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Classroom Confessions: NEA Survey Results

Chris Crisman

They deal with smart-mouths, spitballs, and snack allergies. You're stuck with homework battles, bus bullies, and AWOL permission slips. Educating kids has its challenges for both teachers and parents, and the kids are no doubt whining about both of you. But, oh, those sweet slivers of success, those moments when the proverbial lightbulb goes off in a child's head. They are the experiences that make it all worthwhile. (Certainly neither of you is in it for the money.)

Parents and teachers are the most important adults in a child's life, but they don't always see eye to eye—making it more difficult for students to achieve. “When kids know that their parents and teacher are on the same page, they tend to work harder in class, finish their homework, and—even more important—see that the grown-ups in their lives are working together to help them be successful,” says Lily Eskelsen, vice president of the National Education Association (NEA) and former Utah teacher of the year. That's why we partnered with the NEA to take the pulse of today's teacher-parent partnership. One thousand respondents—half parents, half teachers—were willing to fess up. Here, the survey's most revealing findings, along with insights from an A+ panel of parents and educators.


Parents grade teachers: A

Two-thirds of parents have never had a problem with a teacher!

“I love my older son's teacher this year. Although he struggles as a learner, she always points out the positive about him. Not many teachers do that; there is often too much concentration on what is wrong vs. what is right.” — Liz Nolan, Northborough, MA

“I taught a student who was hard to connect with on a personal level and seemed depressed for half of first grade and all of second grade. When he finished sixth grade and was going to go on to middle school, his mother told me that I was the best teacher he'd had and they still kept my picture on their refrigerator. That touched my heart and reminded me that we don't always realize the impact we have on students' lives.” — Jon Cefkin, Denver

Teachers grade parents: B

“It may look like parents are a little happier with teachers than vice versa, but remember: Parents are grading maybe one or two teachers. Teachers are grading a whole class of parents at a time. You may be an A parent, but one or two parents may deserve D's or F's. That lowers parents' overall scores.” — Michele Borba, Ed.D., educational consultant and former teacher; author of The Big Book of Parenting Solutions


How teachers connect with parents:

  • 73% of teachers send backpack mail at least weekly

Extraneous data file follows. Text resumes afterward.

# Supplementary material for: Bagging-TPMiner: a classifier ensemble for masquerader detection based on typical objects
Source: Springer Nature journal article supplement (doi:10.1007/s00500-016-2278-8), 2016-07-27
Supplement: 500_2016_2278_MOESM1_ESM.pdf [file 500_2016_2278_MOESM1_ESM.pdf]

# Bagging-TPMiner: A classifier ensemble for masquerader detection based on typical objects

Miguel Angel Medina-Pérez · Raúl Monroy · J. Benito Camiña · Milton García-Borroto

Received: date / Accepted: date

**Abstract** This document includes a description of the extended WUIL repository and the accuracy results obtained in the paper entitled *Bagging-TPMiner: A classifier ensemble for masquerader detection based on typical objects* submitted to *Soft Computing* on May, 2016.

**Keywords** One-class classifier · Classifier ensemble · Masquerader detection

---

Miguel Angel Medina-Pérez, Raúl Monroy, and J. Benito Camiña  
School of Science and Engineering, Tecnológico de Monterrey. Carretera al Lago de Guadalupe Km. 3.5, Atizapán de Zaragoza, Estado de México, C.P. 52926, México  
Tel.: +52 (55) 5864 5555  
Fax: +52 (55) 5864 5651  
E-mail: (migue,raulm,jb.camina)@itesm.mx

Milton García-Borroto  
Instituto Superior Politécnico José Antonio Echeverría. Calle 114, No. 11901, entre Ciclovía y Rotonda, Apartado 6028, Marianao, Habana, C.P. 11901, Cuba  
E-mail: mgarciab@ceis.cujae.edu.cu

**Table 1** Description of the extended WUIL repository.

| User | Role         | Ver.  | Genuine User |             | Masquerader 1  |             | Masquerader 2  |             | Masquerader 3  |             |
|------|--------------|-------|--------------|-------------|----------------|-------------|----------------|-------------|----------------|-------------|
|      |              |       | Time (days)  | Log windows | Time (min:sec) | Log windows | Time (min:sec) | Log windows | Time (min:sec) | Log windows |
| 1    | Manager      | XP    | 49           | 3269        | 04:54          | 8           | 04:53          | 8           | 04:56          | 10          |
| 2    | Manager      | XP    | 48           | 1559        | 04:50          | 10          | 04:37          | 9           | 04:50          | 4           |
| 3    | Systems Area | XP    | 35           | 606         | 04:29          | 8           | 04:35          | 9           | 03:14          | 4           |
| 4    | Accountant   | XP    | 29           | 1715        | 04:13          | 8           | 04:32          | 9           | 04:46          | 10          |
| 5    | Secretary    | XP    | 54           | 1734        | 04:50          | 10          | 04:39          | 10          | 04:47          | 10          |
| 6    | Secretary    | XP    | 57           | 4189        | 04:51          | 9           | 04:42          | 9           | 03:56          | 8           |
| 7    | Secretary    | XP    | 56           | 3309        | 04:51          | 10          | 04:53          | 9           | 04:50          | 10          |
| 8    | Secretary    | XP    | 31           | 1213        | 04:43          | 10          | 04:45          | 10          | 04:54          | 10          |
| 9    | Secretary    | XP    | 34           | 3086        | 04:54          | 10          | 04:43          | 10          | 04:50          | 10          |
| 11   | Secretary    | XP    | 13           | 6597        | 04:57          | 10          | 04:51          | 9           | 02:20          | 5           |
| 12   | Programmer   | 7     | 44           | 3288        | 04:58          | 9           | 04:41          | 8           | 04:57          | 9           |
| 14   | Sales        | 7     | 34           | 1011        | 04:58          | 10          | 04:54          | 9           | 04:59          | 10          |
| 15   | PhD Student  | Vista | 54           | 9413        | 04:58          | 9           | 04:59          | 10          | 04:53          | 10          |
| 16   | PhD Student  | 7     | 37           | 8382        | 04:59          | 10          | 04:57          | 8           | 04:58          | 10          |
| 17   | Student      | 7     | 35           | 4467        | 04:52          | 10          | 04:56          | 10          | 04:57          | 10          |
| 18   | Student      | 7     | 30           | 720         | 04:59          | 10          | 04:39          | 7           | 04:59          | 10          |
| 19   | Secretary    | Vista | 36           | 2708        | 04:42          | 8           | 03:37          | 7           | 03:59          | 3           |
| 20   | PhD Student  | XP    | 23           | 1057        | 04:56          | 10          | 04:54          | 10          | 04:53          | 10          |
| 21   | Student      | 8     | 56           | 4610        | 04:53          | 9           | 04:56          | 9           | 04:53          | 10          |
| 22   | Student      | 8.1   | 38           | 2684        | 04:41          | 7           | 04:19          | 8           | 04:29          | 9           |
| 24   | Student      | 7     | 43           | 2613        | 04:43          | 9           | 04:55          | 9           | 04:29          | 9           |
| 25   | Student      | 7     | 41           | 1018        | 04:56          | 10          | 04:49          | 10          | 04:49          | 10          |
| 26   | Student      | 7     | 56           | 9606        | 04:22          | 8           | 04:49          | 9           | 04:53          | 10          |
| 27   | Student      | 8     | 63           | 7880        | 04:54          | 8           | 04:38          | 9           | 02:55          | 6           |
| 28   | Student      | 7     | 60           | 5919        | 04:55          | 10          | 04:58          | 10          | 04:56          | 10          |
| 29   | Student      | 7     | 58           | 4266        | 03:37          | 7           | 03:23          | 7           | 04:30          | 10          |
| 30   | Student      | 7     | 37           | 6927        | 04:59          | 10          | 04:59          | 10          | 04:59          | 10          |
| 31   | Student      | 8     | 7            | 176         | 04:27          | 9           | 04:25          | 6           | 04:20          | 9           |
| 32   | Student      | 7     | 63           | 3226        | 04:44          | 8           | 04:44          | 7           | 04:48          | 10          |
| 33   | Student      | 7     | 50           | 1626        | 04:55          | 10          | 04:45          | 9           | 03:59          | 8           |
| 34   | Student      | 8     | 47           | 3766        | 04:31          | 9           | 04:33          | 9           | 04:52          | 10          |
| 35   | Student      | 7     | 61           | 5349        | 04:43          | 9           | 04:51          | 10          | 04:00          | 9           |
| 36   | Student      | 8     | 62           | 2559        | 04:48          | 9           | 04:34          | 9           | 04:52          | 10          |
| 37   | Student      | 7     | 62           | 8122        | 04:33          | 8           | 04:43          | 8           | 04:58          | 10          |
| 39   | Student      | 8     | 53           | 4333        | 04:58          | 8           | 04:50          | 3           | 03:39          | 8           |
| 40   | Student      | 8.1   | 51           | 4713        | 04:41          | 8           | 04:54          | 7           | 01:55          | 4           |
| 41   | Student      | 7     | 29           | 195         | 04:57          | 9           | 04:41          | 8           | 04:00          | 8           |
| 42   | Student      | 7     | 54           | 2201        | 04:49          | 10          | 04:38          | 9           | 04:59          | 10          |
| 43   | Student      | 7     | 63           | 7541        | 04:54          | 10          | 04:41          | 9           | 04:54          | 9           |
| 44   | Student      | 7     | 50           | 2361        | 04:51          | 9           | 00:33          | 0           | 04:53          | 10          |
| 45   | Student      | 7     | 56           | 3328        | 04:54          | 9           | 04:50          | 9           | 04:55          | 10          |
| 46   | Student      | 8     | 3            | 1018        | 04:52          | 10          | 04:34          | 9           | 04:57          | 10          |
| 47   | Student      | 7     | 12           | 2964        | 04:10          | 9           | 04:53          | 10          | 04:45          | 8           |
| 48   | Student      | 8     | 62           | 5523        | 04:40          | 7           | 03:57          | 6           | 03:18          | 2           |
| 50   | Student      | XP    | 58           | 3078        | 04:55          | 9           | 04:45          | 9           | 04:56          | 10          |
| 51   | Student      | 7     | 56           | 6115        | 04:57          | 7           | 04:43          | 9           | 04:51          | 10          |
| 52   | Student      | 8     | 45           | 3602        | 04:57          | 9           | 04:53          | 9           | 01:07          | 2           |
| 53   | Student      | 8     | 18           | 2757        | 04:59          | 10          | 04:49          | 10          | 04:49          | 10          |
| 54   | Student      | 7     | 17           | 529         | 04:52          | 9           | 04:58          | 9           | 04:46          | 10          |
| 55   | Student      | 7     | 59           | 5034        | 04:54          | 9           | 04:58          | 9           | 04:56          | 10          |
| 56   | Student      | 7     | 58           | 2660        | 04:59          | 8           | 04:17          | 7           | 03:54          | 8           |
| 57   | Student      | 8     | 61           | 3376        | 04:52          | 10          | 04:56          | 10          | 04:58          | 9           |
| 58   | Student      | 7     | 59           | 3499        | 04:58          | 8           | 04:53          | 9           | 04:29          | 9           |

• 65% of teachers send a class newsletter at least weekly
  • 42% of teachers call several times yearly
  • 12% of teachers use social media tools like Twitter
  • 32% of teachers send individual notes yearly
  • 40% of teachers update class websites monthly
  • 19% of teachers use texting, LOL, FWIW

“It's easy for backpack mail to get stuffed in the bottom of a kid's backpack with an old juice box and forgotten. Technological options seem like they'd be much easier. But many families still don't have regular computer access, so we can't rely only on that. Don't expect to hear from your kid's teacher on Facebook or Twitter due to privacy issues. Texting isn't going to be common either: Teachers don't want to share cell numbers, and not every parent likes to be contacted that way.” — Lily Eskelsen

“My child has a tender heart, and his PE teacher called me at home to see if there was anything she was doing wrong because he cried about being last place in a race!” — Molly King, Hudsonville, MI

Do Parent-teacher conferences happen often enough?

  • 71% of teachers say YES
  • 48% of parents AGREE

“My son's second-grade teacher said during a conference, ‘He's a very average child.' It was horrifying. I think she meant he was where he should be academically, but it never should have been said that way.” — Jessica Park, Manchester, NH

“Teachers mean that a formal, once-a-year conference is enough for a high-level report of how each child is doing. But I think parents and teachers would agree that that's not enough. We need informal reports of how our kids are doing throughout the year, by note, newsletter, e-mail, or whatever works.” — Lily Eskelsen


68% of teachers have had trouble with a parent

37% of parents have had a run-in with a teacher

What parents do wrong:

  • 30% “Don't understand their student's issue”
  • 19% “Feel their child was being treated unfairly”
  • 19% “Weren't available to discuss my concerns”

What teachers do wrong:

  • 27% “Doesn't understand my concerns”
  • 23% “Treat my child unfairly”

“My son's first-grade teacher was completely aloof with the kids. She was absolutely professional, objective and fair, and I have no complaints about that. But a teacher has to be emotionally involved; she has to care about pupils' feelings, particularly in elementary school.” — Leslie McReary, Phoenix

“I have been told more than once—upon presenting a parent with a test score—that my tests must be incorrect because they know that their child is smarter than that.” — London Blackburn, St. George, UT 

What’s the one thing parents can do to improve the relationship? Teachers say: “Reinforce my schoolwork guidelines and deadlines at home.”

Teachers want parents to toughen up:

  • 84% of parents say teachers are effective at discipline
  • 49% of teachers say parents are good at enforcing rules

“Very often these days, the parent doesn't back up the teacher. As a parent, if you talk flippantly about the teacher with your child or don't insist that your child do the assigned homework, that's going to come across in your child's classroom attitude, too.” — Michele Borba